"If you go to Amazon, you're starting to see the emergence of all these off brand activity trackers that have the same chips as the high end ones and they're selling for $20 or $25. The world is getting a little trickier for those more established players," he said.

Consumer wearables on the rise

The Consumer Technology Association, as previously reported in TechRepublic, predicts that 38 million wearables will be sold this year, with smartwatches and fitness trackers making up the bulk of the sales. The combined revenue from fitness trackers and smartwatches is $4.9 billion.

As for smartwatches, despite their popularity, Ledger said, he thinks they serve mostly as a second screen for a smartphone. "They're mostly products of convenience at this point. If I lost my Apple Watch my life wouldn't change dramatically. This device saves me a few minutes of time every day," he said.

In 2016, "Smartwatches will still have a good audience but they're not yet at a point where they're universally useful to people. They still require a lot of maintenance and charging every night. For a lot of people it's still kind of a novelty. A fun thing to have, it saves you a few minutes of time every day but it's not nearly as essential of a device as smartphones and for some people an activity tracker," Ledger said.

Gownder said, "Smartwatches will continue to grow, but they'll also continue to disappoint some people. They're never destined to become as common as smartphones, but too many people expect them to be. Instead, they'll become a common smartphone accessory that reaches 25 million people globally by the end of 2016."

The consumer demand for smartwatches can be finicky, and investors just as much so, as evidenced by the significant drop in Fitbit's stock price after the company announced its new Fitbit Blaze smartwatch at CES 2016 and investors were underwhelmed.

This year will see more seniors wearing tech, and CES 2016 offered dozens of new devices for seniors, as reported in TechRepublic.

Ted Leonsis, former CEO of AOL and current founder and partner of Revolution Growth. Leonsis said in 2016, "an Internet of Things wearable industry will emerge to monitor the elderly. As the population ages and people live longer, a health care industry that monitors people living alone will become a major new category for investment."

"Quick advancements in wearables for elderly are needed as the world population is aging at an unprecedented rate - it's been reported that by 2050, 2 billion people will be over 60. And those individuals will have grown accustomed to technology being a part of their daily lives, unlike previous generations," Leonsis said.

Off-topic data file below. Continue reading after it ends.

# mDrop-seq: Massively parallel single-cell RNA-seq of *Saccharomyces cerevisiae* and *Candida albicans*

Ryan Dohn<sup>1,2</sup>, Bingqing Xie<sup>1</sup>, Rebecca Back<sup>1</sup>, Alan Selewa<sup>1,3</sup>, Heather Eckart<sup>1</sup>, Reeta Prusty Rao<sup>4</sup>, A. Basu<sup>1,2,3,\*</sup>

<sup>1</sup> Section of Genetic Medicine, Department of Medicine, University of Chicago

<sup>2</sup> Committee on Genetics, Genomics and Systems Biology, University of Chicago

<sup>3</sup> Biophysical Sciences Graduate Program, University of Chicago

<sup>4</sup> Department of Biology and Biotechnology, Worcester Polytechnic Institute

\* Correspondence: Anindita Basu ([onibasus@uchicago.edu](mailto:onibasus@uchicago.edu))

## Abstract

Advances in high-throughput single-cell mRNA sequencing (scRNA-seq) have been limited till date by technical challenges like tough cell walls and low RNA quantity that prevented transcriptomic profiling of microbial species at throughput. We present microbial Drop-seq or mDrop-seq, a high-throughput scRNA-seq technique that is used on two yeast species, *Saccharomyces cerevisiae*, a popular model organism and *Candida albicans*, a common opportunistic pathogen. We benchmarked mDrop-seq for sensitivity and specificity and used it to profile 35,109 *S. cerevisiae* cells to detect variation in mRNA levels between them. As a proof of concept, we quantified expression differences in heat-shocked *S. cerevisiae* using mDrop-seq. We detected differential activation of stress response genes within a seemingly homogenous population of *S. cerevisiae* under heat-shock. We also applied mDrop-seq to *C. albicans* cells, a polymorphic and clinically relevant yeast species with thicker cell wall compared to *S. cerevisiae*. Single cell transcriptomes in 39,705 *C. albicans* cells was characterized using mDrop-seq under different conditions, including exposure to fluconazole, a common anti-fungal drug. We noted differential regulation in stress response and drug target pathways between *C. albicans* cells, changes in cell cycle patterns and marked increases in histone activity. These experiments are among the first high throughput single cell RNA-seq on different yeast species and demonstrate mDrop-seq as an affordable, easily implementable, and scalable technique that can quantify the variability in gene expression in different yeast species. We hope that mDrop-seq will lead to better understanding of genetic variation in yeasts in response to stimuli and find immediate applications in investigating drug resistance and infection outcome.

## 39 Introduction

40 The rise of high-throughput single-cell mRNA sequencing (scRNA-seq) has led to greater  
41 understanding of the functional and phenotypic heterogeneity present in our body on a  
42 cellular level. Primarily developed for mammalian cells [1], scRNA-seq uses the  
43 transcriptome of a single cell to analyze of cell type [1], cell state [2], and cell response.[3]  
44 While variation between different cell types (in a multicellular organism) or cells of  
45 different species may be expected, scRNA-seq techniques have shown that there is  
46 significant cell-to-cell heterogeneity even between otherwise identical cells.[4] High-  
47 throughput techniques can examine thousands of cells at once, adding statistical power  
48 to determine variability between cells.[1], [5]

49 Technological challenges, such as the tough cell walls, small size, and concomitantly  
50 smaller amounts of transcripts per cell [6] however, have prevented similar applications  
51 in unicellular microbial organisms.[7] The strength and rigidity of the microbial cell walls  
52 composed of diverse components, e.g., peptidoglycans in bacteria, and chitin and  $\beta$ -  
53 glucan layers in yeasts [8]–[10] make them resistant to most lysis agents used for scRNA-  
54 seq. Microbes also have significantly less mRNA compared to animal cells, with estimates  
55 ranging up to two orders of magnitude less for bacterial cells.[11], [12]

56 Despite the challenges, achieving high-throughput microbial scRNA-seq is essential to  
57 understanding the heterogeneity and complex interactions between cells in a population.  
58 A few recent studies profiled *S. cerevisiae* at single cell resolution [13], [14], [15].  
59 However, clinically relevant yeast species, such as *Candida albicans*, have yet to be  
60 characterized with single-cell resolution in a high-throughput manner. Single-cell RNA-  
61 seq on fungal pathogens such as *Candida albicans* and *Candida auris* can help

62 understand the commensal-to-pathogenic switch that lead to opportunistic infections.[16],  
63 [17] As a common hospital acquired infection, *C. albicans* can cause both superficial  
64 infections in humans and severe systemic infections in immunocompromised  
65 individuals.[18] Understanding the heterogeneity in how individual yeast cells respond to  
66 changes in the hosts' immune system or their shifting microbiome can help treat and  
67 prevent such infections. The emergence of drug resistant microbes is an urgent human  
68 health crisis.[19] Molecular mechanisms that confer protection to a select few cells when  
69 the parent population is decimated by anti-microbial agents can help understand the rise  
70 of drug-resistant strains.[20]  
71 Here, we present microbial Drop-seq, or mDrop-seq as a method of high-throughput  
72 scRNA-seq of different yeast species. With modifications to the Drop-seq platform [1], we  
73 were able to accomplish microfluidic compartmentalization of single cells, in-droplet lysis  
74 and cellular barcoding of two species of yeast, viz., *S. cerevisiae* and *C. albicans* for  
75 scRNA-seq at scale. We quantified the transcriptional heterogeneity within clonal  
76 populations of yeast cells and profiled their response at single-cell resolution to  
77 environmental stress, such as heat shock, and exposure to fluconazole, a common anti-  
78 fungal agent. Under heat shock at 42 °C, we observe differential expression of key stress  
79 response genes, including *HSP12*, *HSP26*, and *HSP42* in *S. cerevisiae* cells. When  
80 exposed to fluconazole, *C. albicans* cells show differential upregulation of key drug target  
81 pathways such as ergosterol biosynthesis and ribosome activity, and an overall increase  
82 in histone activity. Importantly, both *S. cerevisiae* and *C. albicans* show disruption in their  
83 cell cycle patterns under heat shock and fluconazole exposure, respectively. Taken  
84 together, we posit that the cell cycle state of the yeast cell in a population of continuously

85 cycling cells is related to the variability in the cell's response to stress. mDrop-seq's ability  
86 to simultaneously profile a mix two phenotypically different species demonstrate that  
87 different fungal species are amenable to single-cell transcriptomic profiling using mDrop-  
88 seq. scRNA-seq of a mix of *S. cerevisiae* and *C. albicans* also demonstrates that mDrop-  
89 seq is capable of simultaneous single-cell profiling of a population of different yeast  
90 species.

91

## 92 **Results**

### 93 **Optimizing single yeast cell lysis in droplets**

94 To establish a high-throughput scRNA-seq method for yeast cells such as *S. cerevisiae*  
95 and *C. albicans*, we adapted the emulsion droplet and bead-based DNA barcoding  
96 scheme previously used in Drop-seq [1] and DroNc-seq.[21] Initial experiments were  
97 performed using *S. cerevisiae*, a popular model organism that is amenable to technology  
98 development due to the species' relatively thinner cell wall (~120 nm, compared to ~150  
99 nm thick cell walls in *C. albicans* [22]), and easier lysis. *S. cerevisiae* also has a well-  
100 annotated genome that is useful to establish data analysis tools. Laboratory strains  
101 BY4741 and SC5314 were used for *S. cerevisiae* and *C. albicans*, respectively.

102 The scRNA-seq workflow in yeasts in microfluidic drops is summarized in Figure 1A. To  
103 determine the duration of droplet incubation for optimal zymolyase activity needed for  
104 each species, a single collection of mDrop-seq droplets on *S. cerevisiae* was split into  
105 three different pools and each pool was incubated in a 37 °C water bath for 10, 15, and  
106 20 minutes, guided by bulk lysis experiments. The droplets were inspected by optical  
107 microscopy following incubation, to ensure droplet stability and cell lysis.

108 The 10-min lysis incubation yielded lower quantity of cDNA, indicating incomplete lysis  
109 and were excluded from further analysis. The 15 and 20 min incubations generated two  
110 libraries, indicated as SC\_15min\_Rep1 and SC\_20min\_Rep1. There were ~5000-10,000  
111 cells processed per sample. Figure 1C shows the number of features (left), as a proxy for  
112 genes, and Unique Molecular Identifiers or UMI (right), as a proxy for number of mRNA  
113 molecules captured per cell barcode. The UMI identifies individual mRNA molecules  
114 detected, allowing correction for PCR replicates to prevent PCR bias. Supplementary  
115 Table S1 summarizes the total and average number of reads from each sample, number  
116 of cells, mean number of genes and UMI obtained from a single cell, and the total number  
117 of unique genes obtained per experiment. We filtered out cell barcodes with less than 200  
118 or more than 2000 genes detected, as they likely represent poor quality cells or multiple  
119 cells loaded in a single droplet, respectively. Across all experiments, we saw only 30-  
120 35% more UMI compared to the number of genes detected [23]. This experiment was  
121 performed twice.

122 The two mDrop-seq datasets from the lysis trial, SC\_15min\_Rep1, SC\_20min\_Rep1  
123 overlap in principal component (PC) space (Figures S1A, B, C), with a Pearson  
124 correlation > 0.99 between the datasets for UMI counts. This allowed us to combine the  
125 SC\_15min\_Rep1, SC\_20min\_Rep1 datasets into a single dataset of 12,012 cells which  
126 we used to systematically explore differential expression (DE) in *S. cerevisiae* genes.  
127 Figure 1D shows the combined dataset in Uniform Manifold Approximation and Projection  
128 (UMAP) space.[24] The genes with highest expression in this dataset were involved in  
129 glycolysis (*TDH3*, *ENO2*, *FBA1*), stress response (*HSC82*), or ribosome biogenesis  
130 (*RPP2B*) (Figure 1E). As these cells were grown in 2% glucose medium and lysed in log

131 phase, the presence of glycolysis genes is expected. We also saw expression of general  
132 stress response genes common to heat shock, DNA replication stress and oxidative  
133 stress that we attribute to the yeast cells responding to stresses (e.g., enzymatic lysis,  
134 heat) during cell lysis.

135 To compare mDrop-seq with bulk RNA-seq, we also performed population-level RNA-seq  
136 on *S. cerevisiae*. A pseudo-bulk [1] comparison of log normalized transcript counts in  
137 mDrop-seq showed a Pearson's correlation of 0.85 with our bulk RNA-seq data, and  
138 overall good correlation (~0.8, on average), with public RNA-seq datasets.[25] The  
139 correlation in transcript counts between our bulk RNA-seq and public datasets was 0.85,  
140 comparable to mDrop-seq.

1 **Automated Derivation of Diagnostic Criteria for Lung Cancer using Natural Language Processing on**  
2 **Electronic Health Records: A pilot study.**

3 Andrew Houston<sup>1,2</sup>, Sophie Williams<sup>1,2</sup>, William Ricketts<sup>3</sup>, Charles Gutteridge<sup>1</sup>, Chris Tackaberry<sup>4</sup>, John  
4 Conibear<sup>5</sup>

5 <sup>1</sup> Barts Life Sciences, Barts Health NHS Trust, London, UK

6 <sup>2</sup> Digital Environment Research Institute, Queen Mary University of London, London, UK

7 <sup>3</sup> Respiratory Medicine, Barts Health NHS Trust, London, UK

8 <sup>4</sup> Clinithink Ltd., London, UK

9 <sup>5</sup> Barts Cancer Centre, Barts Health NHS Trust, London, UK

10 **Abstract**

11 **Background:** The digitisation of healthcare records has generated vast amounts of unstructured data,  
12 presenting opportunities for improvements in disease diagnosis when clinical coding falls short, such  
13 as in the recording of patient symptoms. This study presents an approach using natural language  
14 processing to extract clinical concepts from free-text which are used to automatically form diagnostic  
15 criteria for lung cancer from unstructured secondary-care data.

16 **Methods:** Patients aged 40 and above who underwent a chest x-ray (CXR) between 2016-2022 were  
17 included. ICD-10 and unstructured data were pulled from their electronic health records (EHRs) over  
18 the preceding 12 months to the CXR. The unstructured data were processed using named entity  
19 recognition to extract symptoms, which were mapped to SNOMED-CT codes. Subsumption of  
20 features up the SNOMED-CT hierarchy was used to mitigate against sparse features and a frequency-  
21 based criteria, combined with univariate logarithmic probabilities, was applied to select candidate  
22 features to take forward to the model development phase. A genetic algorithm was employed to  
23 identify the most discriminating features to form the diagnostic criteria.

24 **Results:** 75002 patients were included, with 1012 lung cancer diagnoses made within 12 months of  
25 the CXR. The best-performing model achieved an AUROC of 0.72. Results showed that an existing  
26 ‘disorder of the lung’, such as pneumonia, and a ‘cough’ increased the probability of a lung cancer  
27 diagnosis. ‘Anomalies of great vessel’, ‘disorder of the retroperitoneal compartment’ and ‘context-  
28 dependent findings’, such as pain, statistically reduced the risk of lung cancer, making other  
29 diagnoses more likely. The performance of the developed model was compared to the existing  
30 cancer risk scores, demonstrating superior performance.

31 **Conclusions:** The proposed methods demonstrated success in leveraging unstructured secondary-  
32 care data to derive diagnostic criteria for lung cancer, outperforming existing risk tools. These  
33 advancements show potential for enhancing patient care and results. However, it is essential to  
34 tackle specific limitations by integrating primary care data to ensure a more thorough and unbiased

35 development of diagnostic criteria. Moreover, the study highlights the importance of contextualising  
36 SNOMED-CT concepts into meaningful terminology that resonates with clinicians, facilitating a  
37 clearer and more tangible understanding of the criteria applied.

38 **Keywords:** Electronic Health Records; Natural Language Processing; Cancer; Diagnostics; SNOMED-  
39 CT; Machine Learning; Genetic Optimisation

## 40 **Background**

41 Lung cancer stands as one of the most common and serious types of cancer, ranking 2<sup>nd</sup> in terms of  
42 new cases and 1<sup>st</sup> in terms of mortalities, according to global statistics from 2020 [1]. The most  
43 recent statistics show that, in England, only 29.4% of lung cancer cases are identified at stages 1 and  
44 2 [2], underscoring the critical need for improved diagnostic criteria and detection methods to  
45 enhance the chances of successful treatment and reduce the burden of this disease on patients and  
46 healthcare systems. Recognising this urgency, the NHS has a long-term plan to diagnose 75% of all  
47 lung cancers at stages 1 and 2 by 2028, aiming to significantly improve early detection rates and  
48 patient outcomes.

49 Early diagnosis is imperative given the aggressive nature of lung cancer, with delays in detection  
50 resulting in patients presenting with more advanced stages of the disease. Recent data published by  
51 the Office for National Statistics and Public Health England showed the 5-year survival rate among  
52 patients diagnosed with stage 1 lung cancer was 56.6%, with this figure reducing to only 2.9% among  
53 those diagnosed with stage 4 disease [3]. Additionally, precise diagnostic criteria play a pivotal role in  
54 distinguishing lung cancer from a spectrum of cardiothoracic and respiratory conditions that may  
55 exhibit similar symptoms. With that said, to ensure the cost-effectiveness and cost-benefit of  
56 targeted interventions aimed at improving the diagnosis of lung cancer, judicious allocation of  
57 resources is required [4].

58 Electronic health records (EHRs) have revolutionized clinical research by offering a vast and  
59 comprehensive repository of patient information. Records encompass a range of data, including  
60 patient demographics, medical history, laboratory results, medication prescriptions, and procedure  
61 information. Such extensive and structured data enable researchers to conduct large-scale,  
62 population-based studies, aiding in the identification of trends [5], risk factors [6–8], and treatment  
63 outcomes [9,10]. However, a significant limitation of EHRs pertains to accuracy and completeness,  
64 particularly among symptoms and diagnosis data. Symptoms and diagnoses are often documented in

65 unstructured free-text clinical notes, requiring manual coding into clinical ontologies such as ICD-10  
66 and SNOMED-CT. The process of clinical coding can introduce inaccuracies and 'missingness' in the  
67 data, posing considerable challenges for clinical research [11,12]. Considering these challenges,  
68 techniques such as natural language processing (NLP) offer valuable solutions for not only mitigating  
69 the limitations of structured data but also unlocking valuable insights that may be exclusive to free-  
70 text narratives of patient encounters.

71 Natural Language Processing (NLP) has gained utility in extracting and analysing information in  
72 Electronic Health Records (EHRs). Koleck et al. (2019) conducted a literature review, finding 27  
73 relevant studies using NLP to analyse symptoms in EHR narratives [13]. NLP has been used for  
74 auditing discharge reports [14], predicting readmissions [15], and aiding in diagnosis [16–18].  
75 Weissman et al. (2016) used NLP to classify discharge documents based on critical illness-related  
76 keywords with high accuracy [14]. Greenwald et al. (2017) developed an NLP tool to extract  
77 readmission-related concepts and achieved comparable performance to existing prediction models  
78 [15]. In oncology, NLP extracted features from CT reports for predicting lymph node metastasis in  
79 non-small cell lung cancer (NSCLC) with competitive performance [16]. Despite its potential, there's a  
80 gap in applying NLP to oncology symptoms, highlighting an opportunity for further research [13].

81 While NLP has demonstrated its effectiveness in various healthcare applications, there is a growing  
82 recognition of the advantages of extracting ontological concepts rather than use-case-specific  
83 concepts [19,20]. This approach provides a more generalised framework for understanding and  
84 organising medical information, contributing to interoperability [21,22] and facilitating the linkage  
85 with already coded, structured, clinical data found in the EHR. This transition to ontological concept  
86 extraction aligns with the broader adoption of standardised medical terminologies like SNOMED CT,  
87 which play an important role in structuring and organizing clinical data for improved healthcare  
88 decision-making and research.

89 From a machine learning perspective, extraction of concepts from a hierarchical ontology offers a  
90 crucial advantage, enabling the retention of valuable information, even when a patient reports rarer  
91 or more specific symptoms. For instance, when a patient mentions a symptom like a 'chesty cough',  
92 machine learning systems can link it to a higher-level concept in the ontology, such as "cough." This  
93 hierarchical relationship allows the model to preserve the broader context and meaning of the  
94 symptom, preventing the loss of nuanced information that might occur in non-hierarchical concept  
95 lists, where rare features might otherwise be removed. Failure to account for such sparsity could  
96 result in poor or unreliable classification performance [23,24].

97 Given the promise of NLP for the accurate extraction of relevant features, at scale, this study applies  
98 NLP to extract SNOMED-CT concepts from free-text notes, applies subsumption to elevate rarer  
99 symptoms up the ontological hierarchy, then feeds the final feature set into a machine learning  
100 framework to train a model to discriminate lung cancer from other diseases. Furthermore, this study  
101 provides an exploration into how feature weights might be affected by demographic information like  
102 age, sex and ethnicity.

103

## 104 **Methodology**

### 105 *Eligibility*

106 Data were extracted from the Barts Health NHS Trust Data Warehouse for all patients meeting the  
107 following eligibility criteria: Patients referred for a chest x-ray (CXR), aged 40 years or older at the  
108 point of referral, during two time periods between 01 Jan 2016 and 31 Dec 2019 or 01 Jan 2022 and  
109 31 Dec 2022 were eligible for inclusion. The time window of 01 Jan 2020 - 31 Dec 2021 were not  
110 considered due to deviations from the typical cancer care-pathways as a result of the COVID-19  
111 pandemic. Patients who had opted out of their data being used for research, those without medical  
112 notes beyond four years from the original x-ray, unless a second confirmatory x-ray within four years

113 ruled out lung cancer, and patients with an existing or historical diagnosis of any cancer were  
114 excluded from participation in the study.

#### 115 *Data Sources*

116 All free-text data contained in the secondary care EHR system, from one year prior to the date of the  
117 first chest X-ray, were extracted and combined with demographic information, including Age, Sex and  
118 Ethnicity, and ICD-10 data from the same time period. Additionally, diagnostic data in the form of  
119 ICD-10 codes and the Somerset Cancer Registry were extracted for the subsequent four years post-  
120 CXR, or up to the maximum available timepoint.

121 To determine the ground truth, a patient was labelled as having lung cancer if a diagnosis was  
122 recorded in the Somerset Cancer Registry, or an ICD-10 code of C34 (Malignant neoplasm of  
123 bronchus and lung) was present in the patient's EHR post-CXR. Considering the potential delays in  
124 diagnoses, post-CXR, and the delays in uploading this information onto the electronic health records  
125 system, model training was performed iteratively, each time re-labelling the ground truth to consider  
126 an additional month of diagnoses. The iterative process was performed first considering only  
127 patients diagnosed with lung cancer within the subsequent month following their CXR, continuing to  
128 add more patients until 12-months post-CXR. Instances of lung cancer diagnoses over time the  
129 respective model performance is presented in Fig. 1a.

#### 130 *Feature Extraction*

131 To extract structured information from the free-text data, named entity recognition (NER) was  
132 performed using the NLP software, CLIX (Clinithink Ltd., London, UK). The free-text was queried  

Invisible sensors in clothing are also increasing, with Samsung debuting a new line of clothing at CES 2016, including a men's suit, belt, golf shirt and athletic wear.

"Clothing-based wearables will continue to grow. On the fitness side, companies like Athos will find a home with elite athletes and at gyms. OMSignal's fitness monitoring, already available in Ralph Lauren's Polo Tech shirt, will become more common. Smart workout clothing and undergarments will begin to gain market awareness by the end of 2016," Gownder said.

What to do with all that data

IoT machines are feeding live data into the enterprise, and giving the workforce access to that data in real time is essential. "Glasses are high performing way to do it. Bluetooth beaconing is an awesome idea but if you don't have a way for employees to engage in it you don't have the 'so what' factor. We look at wearables as the missing mate to IoT," Ballard said.

"One of our investors is General Electric. Look at the trends they're pushing with Predix [Cloud] being a massive industrial cloud solution with data flowing through. When you have a workforce that's engaged with those systems you can get real time operational systems that work," Ballard said.

Ledger said there is an issue with the massive amounts of data being collected.

"The industry is really struggling to figure out what to do with that data. If you are an athlete and you do training it's helpful to have a watch that does heartrate tracking. Athletes know how to use that information to determine their readiness to train and to help measure exertion levels during workouts. The average consumer who has a Fitbit has no idea what that information can be used for. And there isn't contextual information to help them," Ledger said.

The vast amount of data being collected means that privacy and security measures will also need to be in place to protect consumers and the enterprise from malicious threats.

Sam Rehman, CEO of Arxan Technologies, said, "We can expect to see a much more meaningful advancement in the rigor of security requirements laid down by the regulators in 2016. This is partly due to accelerated advancements in public-private threat intel-sharing, and the regulators' acknowledgement of the need to seek out cutting-edge threat data and security best practices from the organizations that are on the front lines of defending against them. For example, in IoT, the FDA is making significant improvements in beefing up minimum security requirements for medical devices including wearables, which could otherwise pose grave safety risks to people, care providers, and medical device manufacturers that depend on their trusted operation. Since the vertical markets are so intimately interconnected, we will also see more teeth behind enforcement of security requirements."

Despite the range of opinions on the future of wearables, one thing is for sure. There will definitely be change in 2016 as the industry evolves and matures and both the enterprise and consumers figure out how wearables will fit into their worlds.

See also:

The dark side of wearables: How they're secretly jeopardizing your security and privacy

Survey: Harnessing the power of IoT and big data

Infographic: BYOD increases work, but not spending, for IT

Hands on at CES 2016 with the consumer Oculus Rift and Touch controllers

About

Teena Maddox is a Senior Editor at TechRepublic. She's an award-winning journalist and specializes in business and lifestyle features. She has also worked at People magazine, W magazine and Women's Wear Daily.